Why would a cat stop using the litter box?
When a cat stops using the litter box, there's always a reason. Your first impulse may be to shout at the cat, but that will just frighten and confuse him. Cats are not vengeful, and he is not going outside his box to get back at you for pushing him off the sofa. Instead, look at what may have triggered this change, which you yourself may have inadvertently caused.
Because cats are habitually clean, Frisky may be upset by a litter box that isn't changed often enough to suit him, even if you think every other day is OK. Would you use a bathroom with an unflushed toilet? Changes in household routine may also be cause to forgo the box. If you've added a new cat, the resident feline may dislike using the same litter box as the newcomer. He may also not appreciate that you've replaced his regular litter with a new-fangled one. Cats are keenly aware of the scent and feel of their litter, so if you've changed brands or types to take advantage of a sale, your cat may not approve of the savings the way you do. A move to a new home or a student back from college for the summer can also upset him.
Using the carpet rather than the box may also be a sign of disease. Cats suffering from urinary tract infections may associate painful attempts at urination with the litter box, and avoid it. A cat who's thirstier due to kidney, liver or thyroid conditions needs to urinate more frequently, and may not get to his box on time. Similarly, feline diarrhea or constipation may find him desperate to go without caring where.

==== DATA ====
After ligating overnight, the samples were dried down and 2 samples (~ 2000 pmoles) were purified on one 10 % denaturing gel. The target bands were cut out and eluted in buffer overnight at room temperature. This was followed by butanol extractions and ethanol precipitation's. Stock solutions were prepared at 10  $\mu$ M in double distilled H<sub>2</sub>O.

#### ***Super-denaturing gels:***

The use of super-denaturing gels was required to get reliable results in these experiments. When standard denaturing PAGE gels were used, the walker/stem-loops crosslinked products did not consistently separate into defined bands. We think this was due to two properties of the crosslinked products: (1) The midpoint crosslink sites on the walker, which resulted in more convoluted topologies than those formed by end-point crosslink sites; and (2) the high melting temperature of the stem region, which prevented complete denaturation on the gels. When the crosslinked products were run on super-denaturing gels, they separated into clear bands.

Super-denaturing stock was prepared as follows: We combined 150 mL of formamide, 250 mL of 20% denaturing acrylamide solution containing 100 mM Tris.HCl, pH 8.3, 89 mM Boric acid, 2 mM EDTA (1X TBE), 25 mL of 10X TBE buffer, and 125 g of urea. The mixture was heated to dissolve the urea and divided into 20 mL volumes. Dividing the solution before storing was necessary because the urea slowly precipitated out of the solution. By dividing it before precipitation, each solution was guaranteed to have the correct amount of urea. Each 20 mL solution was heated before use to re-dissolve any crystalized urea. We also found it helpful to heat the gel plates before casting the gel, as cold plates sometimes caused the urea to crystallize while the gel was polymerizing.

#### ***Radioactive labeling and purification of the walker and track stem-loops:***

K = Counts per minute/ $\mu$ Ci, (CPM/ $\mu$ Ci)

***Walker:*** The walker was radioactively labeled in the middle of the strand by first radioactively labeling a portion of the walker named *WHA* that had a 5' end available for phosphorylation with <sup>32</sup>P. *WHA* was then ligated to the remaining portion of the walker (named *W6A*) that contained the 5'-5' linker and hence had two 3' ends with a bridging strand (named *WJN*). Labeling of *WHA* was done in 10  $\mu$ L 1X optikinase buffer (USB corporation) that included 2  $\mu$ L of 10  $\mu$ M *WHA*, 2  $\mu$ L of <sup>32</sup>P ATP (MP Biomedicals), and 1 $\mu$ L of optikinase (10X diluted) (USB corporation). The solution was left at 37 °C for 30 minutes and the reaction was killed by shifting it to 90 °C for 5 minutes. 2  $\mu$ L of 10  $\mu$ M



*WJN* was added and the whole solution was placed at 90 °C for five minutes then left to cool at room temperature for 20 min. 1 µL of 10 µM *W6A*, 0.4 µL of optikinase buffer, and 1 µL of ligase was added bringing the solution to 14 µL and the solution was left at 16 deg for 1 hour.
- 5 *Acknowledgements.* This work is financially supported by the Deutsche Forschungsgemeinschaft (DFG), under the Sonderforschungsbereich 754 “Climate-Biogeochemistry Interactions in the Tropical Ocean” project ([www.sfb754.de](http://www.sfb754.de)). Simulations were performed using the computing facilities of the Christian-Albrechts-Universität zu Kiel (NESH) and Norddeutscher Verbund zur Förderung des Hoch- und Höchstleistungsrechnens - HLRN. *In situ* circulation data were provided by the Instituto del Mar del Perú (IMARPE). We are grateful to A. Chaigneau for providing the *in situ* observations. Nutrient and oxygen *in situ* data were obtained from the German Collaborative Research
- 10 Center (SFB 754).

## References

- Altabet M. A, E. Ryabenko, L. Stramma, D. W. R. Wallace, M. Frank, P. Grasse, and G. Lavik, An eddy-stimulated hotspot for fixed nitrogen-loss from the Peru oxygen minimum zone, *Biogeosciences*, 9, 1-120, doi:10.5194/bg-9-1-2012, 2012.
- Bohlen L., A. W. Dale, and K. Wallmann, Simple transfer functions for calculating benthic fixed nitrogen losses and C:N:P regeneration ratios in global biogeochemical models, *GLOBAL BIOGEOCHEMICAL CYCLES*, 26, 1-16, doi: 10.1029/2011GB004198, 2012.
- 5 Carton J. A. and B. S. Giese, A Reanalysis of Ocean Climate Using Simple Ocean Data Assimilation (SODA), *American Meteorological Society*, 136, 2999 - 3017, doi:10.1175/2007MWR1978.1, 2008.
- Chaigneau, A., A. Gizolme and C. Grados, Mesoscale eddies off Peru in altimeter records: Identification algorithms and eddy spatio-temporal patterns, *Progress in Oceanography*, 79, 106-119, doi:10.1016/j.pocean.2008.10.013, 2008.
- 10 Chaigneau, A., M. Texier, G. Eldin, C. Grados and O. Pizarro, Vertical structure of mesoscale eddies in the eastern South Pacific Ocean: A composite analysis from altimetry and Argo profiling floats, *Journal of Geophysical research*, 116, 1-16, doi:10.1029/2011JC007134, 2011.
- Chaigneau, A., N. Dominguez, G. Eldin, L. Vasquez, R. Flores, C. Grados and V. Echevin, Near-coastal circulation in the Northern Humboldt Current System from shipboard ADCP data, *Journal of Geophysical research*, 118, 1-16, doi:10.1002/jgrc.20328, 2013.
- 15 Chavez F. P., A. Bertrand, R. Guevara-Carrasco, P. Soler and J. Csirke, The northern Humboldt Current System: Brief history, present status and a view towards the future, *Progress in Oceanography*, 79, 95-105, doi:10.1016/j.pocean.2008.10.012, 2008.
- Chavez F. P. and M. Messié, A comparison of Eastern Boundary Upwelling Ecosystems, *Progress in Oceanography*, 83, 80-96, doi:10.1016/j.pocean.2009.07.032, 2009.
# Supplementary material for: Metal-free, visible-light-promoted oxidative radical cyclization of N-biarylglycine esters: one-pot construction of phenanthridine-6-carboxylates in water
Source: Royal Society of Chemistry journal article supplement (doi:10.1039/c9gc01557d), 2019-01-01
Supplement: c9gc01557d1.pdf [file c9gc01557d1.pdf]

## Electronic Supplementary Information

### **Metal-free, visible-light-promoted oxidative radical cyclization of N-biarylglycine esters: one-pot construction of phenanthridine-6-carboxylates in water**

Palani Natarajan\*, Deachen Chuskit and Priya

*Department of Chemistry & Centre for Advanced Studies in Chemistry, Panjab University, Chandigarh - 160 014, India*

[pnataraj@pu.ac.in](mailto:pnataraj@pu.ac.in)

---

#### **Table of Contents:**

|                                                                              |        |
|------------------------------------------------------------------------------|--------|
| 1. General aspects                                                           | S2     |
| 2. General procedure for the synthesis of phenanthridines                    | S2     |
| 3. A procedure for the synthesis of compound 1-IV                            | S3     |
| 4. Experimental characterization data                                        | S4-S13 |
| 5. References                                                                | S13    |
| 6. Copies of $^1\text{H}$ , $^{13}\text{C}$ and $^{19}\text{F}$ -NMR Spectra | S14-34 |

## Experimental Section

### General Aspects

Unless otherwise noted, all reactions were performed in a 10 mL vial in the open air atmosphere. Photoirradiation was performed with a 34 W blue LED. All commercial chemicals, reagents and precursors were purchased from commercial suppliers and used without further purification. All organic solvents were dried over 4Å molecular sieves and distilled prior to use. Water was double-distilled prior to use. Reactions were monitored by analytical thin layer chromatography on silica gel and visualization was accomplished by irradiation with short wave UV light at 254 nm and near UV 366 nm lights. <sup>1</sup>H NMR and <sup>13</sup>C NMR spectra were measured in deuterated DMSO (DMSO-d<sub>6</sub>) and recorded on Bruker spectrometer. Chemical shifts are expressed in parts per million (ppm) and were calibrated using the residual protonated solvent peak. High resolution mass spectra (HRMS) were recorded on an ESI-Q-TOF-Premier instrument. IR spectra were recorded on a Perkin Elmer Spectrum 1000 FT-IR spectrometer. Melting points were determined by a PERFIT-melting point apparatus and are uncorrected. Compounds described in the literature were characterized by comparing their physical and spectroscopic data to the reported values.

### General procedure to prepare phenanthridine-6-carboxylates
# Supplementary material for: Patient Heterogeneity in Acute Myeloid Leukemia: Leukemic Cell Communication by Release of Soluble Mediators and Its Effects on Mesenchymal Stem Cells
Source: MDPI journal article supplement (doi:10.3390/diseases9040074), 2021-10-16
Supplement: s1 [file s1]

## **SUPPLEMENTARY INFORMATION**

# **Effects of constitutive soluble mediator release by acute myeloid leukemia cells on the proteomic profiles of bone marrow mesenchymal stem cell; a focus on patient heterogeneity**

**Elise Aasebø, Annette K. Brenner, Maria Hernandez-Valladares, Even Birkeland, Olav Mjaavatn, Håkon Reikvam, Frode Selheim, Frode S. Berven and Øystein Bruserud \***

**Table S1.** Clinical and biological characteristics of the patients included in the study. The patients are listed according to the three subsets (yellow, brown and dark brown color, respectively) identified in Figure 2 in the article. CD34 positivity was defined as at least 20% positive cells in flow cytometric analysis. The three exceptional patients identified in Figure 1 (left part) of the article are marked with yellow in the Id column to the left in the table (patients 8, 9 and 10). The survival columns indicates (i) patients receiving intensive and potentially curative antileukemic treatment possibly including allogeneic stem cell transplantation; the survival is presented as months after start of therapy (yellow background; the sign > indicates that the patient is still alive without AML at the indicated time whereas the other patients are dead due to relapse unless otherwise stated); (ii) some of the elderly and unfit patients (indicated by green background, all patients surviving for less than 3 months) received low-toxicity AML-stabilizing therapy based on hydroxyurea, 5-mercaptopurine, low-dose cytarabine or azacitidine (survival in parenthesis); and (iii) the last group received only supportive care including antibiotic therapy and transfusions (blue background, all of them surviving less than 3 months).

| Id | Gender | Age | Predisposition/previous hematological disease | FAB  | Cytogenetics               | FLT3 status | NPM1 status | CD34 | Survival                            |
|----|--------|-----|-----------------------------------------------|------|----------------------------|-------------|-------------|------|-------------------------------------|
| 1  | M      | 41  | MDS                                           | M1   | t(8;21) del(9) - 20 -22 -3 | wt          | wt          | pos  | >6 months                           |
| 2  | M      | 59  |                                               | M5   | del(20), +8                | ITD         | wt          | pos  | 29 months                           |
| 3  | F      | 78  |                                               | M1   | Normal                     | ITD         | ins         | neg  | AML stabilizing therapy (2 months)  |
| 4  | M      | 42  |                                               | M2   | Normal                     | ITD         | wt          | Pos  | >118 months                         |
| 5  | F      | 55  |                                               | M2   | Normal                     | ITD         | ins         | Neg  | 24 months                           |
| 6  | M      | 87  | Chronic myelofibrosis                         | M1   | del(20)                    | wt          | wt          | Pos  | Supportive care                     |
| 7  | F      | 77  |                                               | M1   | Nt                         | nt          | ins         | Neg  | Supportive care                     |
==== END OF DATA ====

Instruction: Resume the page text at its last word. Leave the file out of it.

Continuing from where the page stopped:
How to Help
Observe the cat and notice if he is straining to go and/or crying out. He may claw out a space in a potted plant, choosing clean dirt over a soiled litter box. Or he may squat on your carpet or floor because he associates the sensation of digging in litter with uncomfortable elimination. If you confine him to a closed room with a clean litter box and he ignores it, he may have no control over his actions. This signals that illness, not behavior, is the culprit. The cat is in pain, and your vet needs to determine why.
A thorough checkup will reveal whether Kitty has a urinary tract infection, inflammatory bowel disease, diabetes, arthritis, kidney, liver or thyroid malfunction or other illnesses that may affect his litter box habits. If illness, minor or serious, is the cause, medication or treatment should relieve his pain and distress.
Getting Back in the Box
Whatever has pushed your cat out of the box, getting him back on track will take patience. If anxiety created the problem, set up a quiet retreat for the cat to do his business in a room or area with minimal household traffic. Provide a large-enough litter box -- or two -- with the kind of litter your cat prefers, and change it frequently, even several times a day if necessary. You may decide to confine him for a few days to establish a new, calmer routine.
Inflammatory bowel disease, constipation, diarrhea or urinary tract infections will abate with medication or treatment, so if one of these caused your cat's problem, he should return to using his litter box as his discomfort eases. Longer-term conditions, such as arthritis or kidney problems, may mean making adjustments: Be sure the cat's box is low enough for him to get into comfortably, and offer more than one box to accommodate more frequent usage. Always keep the litter boxes clean by washing and disinfecting them weekly and quickly removing soiled litter.